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Visual-led campaigns dominate the ad industry

Visual-led campaigns dominate the ad industry

Author | Anushree Madan Mohan | Tuesday, Mar 15,2005 7:21 AM

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Visual-led campaigns dominate the ad industry

Visual appeal always had a prominent place in advertising. The old saying is that a picture is worth thousand words, so many advertisers usually try to visually communicate messages rather than bog down in heavy text. The role of advertising visuals include obtaining attention, creating impact and stimulating interest from an indifferent audience through conveying a main selling point of products or brands. How can the visual element be translated into an effective selling message? This is the crux of every advertising campaign today. What stature does the copy hold then?

Alque Padamsee, Ad veteran, said, "Life has become far more fast-paced today, and people barely spend ten minutes of their time flicking through ads. In the earlier days, you could promote your product or service by writing compelling copy and expect it to be read and remembered. In the days, when consumers used to maintain scrapbooks, brands could be counted on the fingertips and good copywriters did come your way. Copy-led campaigns were a practical solution. Today, you need a pacey television campaign, with sharp visual effects and distribution among a multitude of channels. At the most, you need a tag line to inspire recall and differentiation, and that's where it ends. With reading habits fast fading among people, it's not surprising that long copy has almost faded into oblivion. Brand building is more about visual effects, television masquerades and a circus with film stars more than anything else."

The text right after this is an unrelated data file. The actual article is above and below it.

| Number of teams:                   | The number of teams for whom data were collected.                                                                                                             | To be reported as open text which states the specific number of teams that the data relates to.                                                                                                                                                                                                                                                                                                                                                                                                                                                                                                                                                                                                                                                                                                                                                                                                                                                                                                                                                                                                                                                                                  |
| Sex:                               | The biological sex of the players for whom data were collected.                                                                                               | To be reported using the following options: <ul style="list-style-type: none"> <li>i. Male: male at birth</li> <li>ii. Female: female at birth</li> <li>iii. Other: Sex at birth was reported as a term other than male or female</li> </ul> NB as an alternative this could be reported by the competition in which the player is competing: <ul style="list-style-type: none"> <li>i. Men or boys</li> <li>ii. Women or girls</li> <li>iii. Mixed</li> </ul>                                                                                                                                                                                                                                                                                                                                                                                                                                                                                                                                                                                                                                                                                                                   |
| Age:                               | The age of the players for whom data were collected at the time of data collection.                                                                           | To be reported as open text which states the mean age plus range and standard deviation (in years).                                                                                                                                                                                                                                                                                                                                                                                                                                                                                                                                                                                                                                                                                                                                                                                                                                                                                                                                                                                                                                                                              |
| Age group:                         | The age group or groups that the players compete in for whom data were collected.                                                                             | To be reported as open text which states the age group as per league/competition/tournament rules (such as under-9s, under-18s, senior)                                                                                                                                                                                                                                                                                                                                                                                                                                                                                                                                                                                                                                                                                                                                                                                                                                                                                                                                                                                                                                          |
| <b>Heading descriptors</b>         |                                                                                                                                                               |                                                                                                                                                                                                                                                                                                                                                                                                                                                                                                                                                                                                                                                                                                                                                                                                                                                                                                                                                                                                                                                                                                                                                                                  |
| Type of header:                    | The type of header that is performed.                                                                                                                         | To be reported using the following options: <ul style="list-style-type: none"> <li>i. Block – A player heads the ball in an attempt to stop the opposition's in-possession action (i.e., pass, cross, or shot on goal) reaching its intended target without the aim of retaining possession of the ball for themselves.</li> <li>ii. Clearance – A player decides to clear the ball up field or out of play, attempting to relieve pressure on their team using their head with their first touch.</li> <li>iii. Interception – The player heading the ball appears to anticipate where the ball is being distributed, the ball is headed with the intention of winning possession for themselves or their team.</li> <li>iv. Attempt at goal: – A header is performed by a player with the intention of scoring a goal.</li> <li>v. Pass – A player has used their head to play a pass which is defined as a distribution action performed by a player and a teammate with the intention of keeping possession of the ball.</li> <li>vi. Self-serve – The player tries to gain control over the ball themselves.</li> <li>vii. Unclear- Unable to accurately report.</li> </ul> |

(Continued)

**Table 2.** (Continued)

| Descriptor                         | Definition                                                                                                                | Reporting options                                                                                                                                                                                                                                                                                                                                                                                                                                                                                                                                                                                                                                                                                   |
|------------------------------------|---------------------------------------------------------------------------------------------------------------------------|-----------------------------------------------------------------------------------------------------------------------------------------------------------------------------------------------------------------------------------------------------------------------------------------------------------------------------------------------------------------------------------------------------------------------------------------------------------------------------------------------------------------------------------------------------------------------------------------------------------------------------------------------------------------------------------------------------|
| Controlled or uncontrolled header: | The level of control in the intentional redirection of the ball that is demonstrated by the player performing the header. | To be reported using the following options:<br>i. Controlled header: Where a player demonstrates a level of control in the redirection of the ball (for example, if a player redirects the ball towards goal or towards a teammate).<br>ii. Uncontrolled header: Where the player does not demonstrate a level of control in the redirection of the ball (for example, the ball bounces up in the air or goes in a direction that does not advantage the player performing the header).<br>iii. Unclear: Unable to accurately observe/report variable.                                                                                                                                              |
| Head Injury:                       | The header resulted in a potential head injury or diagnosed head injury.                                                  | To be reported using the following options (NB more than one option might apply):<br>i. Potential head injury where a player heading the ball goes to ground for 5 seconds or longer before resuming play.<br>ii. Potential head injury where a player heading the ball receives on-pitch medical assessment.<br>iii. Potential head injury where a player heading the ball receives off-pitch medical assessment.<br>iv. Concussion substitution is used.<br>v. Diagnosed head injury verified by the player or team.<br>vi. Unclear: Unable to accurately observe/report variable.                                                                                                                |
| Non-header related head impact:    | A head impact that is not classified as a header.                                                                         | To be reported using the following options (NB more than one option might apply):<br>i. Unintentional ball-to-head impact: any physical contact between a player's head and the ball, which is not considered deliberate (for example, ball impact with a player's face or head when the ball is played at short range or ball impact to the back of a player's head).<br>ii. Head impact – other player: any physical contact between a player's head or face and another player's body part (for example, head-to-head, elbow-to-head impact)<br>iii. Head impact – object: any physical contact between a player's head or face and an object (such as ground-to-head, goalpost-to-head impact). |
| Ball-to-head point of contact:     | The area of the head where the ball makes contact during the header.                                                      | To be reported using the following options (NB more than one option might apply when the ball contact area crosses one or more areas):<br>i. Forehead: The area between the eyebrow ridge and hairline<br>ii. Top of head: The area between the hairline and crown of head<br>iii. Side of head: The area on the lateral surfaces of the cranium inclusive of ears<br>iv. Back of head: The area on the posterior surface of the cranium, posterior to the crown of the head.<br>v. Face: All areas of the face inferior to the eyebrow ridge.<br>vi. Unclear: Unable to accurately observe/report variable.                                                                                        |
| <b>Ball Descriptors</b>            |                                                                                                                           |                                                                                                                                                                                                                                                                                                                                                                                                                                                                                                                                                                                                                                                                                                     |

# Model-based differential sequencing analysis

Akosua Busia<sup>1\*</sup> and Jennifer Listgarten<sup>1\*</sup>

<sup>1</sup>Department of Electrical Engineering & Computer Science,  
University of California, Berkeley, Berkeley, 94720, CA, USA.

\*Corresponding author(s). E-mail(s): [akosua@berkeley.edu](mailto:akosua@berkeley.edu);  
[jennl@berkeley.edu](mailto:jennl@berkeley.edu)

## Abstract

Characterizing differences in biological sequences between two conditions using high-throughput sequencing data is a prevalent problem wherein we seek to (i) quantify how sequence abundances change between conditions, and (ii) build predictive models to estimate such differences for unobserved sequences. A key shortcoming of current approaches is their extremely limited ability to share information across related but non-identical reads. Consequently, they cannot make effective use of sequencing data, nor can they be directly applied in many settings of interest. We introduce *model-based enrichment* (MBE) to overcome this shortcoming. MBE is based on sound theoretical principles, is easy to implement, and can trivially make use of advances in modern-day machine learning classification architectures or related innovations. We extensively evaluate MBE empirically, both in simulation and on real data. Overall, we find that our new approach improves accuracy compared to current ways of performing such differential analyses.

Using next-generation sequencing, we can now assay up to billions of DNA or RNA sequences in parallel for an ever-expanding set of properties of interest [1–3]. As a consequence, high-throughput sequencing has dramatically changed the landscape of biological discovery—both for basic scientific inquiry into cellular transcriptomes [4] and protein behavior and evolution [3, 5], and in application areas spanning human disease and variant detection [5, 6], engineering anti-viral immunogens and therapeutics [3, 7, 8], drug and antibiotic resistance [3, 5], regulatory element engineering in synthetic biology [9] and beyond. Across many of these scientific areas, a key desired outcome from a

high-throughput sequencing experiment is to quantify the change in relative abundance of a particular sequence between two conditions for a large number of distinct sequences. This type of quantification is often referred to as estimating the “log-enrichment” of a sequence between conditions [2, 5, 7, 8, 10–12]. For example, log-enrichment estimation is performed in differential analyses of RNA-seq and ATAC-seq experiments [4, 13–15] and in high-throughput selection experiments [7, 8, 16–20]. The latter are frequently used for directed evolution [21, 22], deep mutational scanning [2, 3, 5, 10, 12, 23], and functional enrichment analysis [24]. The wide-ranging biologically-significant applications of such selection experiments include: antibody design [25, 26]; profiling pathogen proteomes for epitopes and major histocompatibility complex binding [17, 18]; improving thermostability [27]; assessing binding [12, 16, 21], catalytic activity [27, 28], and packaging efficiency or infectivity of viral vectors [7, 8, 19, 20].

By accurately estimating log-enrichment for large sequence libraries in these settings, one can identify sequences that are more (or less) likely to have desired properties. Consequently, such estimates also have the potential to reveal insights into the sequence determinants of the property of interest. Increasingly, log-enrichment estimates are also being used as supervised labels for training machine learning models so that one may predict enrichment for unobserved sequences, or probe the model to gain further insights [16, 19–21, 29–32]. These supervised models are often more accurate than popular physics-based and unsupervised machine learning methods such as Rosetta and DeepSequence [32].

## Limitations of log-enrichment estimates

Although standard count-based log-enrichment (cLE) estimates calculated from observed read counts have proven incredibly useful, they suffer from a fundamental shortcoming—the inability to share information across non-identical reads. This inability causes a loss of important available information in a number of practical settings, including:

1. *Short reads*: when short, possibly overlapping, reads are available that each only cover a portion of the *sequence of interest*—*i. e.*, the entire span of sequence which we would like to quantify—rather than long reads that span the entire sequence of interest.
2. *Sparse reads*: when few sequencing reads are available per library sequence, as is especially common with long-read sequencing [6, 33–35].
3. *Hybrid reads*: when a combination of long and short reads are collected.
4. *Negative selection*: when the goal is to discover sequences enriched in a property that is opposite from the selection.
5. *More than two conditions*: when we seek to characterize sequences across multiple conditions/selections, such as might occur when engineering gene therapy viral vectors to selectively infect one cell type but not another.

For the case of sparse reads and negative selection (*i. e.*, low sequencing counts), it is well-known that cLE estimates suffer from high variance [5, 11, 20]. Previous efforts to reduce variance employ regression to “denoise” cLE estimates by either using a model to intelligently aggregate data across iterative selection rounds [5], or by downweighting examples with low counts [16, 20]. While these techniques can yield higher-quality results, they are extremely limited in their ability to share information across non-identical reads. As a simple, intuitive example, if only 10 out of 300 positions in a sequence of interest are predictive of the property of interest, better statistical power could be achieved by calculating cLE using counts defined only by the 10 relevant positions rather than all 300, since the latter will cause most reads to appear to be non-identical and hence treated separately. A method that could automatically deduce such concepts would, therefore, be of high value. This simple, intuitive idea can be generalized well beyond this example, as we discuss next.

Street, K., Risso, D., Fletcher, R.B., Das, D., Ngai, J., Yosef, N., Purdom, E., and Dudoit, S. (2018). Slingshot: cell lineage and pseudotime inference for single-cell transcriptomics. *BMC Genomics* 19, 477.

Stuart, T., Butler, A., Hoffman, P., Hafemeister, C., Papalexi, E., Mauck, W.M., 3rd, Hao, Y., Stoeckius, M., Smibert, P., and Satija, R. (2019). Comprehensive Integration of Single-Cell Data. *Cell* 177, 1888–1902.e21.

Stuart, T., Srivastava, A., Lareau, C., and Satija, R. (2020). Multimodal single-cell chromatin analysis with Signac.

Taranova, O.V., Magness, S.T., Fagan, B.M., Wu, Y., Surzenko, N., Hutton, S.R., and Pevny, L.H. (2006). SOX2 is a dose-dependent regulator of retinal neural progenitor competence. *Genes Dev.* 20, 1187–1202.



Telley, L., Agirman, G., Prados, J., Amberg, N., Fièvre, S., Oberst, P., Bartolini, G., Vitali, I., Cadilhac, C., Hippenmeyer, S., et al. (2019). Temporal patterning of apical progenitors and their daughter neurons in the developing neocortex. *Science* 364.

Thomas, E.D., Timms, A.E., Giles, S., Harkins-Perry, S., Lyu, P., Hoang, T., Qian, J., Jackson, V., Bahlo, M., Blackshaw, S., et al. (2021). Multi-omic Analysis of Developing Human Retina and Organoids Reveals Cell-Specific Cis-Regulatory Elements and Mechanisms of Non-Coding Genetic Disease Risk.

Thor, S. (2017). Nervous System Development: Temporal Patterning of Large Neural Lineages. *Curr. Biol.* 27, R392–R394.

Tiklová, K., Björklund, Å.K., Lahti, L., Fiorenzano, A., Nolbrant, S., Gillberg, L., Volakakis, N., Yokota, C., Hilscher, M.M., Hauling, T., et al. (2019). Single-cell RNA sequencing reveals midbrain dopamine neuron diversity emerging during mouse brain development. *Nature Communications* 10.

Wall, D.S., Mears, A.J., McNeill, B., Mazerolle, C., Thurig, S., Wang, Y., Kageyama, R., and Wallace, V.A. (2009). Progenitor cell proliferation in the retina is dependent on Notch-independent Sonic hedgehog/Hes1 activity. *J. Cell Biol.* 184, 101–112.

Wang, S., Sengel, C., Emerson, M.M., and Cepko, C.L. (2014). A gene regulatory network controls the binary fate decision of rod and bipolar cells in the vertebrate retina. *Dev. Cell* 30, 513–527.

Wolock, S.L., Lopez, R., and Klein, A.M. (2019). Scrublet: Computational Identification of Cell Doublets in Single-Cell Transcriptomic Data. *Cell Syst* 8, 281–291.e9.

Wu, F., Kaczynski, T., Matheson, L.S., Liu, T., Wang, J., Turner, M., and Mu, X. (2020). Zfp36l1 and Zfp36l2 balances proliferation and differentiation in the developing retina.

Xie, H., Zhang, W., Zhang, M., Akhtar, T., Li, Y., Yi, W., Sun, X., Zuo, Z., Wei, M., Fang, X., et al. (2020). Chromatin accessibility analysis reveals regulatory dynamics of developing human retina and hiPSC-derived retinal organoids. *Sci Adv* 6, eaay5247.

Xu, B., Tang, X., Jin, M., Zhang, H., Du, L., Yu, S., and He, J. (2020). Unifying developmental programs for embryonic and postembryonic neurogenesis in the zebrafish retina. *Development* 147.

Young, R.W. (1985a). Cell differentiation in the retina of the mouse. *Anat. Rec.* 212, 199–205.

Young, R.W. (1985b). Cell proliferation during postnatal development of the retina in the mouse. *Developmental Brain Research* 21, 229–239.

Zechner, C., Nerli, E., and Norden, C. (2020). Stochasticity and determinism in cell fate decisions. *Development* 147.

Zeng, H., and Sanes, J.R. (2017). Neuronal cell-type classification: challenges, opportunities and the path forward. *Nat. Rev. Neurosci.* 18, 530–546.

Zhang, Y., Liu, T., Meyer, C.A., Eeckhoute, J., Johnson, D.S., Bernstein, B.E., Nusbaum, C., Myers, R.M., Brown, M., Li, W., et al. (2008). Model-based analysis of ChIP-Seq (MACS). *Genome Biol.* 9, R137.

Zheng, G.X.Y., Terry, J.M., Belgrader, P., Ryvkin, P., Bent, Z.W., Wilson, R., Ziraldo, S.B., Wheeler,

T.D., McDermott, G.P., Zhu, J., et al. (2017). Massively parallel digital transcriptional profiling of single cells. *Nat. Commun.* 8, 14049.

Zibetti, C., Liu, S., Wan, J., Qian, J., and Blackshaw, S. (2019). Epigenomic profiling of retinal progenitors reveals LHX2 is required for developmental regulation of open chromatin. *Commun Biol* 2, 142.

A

Meanwhile, Josy Paul, Country Head, RMG David, said that there is no such thing as a copy-led age and a visual-led one. Paul said, "The crux of the matter is -- What's the idea at hand? For instance, the TVC on Asian Paints, Har Ghar Kuch Kehta Hain, is primarily a copy-led idea. On the other hand, a commercial like Fevicol wherein there are visuals of people sitting on top of a bus is primarily visual-led. In the Hutch commercial, both copy and visuals assume equal importance. It's the idea, which gives recall. If the idea doesn't have much value, it doesn't amount to anything."

S Kasliwal, MD, S Kumar's Nationwide, said that with increasing fragmentation and clutter, marketers tend to focus more on visuals than copy. Kasliwal added, "Consumer behaviour has changed over the time. The entire process of buying just occurs in a split second, as does the entire process of media consumption. You have a split second to get through your target audience. And what better way to do it than compelling visuals and imagery? Give your consumer long copy to read, and he may just abandon the page and move on to the next. Advertising agencies and marketers are aware of this fact, which is why you find ads that are technologically brilliant in the current day, and perhaps not as innovative in terms of copy."

The cliché, "everyday we are bombarded by thousands of messages," is real, and consumers do react by enacting 'selective perception' and tuning out of ad messages. Say too much, and the consumer would blot out the message. Say too little, and he just may not notice your brand. Visuals could be the saving grace.

Tags: e4m

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